Too often, doctors don't understand chronic fatigue syndrome. They don't know how to diagnose it, and they frequently even believe that patients with the disease are just whining or suffering from psychological problems. This needs to change.
That was the message from the Institute of Medicine's recent report on the illness, which proposed new criteria to diagnose it and recommended ditching the syndrome's confusing and demeaning name. The proposed alternative: systemic exertion intolerance disease, or S.E.I.D.
As a patient for 16 years, I've dealt with plenty of doctors who were ignorant about the disease. So my questions were: Will this work? Is a report from one of the most prestigious bodies in American medicine, an arm of the National Academy of Sciences, enough to make doctors take the disease seriously? Will patients get diagnoses faster and be treated more effectively?
Early indications are discouraging. An article about the report on Medscape, a website for doctors, received 273 comments as of Tuesday, and most were dismissive. Here are a few examples:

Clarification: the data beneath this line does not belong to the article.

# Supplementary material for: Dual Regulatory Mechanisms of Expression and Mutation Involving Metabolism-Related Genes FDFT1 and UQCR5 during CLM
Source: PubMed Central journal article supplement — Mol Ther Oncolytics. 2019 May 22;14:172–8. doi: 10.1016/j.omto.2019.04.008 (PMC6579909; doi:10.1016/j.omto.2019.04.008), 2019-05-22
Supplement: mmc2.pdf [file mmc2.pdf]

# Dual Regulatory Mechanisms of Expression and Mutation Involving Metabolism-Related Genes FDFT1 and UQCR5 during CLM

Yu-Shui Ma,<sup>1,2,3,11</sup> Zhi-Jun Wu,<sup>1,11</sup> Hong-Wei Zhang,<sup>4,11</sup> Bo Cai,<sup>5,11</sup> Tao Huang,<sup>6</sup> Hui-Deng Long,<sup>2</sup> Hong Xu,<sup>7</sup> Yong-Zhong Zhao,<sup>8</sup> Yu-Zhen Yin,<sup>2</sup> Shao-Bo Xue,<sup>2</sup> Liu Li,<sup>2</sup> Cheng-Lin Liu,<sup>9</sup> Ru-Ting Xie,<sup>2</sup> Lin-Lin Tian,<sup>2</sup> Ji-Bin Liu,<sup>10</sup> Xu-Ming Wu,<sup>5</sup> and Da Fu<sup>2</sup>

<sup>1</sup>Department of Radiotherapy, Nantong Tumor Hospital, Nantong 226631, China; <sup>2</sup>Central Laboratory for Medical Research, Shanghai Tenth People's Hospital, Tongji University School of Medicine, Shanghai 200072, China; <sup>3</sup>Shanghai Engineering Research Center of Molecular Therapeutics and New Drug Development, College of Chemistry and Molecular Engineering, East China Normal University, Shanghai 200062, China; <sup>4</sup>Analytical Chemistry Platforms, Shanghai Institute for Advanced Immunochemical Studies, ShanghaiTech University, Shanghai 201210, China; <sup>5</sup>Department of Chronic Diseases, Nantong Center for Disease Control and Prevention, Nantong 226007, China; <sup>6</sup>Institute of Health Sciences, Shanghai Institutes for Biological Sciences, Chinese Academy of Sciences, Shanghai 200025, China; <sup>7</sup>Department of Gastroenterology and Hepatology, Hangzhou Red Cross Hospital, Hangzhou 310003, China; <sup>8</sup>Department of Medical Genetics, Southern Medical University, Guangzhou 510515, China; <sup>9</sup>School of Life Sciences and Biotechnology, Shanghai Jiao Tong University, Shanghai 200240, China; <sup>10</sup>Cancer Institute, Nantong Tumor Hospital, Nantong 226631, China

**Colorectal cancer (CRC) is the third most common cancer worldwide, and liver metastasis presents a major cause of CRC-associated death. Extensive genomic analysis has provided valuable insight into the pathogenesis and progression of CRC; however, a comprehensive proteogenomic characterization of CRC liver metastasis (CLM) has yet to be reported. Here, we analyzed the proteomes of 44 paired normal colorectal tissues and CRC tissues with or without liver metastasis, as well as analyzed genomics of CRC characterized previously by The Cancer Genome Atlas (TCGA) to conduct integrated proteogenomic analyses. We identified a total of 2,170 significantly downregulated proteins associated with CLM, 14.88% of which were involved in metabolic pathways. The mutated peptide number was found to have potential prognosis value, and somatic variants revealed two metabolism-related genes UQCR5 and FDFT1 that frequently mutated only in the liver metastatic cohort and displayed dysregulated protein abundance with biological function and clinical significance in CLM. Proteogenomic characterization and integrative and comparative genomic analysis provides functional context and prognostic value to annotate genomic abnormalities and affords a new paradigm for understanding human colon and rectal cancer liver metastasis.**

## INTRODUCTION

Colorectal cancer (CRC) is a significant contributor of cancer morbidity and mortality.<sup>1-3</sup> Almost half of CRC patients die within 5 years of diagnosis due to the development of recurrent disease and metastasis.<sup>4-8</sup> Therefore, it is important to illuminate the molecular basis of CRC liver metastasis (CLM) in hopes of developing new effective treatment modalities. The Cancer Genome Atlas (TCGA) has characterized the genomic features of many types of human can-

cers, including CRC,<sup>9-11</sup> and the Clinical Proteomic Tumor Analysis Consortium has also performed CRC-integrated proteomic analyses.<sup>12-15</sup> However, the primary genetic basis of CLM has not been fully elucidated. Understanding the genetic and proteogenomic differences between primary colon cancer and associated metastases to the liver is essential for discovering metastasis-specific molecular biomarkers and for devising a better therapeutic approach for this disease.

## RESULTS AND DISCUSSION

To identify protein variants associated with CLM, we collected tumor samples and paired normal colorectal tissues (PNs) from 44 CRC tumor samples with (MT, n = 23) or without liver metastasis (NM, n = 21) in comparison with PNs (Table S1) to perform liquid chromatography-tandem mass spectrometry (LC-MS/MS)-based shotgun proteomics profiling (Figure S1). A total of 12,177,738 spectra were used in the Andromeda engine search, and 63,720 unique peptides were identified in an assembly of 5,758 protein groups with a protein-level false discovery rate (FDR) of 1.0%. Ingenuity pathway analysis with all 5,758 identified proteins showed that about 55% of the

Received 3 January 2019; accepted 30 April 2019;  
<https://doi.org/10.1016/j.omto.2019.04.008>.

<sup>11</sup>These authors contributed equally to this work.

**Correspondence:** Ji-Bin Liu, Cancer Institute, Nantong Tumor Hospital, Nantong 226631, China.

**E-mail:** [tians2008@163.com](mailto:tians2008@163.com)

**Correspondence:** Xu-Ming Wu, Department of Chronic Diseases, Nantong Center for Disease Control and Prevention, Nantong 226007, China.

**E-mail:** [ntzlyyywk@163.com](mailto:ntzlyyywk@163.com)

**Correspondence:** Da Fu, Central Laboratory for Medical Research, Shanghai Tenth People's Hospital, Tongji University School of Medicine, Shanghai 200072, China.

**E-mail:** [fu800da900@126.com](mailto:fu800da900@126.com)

"Absent hard biological evidence, Chronic Fatigue Syndrome might" count "lots of people as 'Sick' who are in monotonous jobs, bad marriages, or plain bored with life."
"great, disability here I come! glad I got that plan a long time ago."
"Chronic fatigue and fibromyalgia — two wastebasket diagnoses in search of pathology."
The nearly 300-page report explicitly argued against these sentiments with a thorough review of the scientific literature. It pointed out that chronic fatigue (the condition of being tired all the time) and chronic fatigue syndrome (an illness in which exhaustion is just one of many debilitating symptoms) are very different.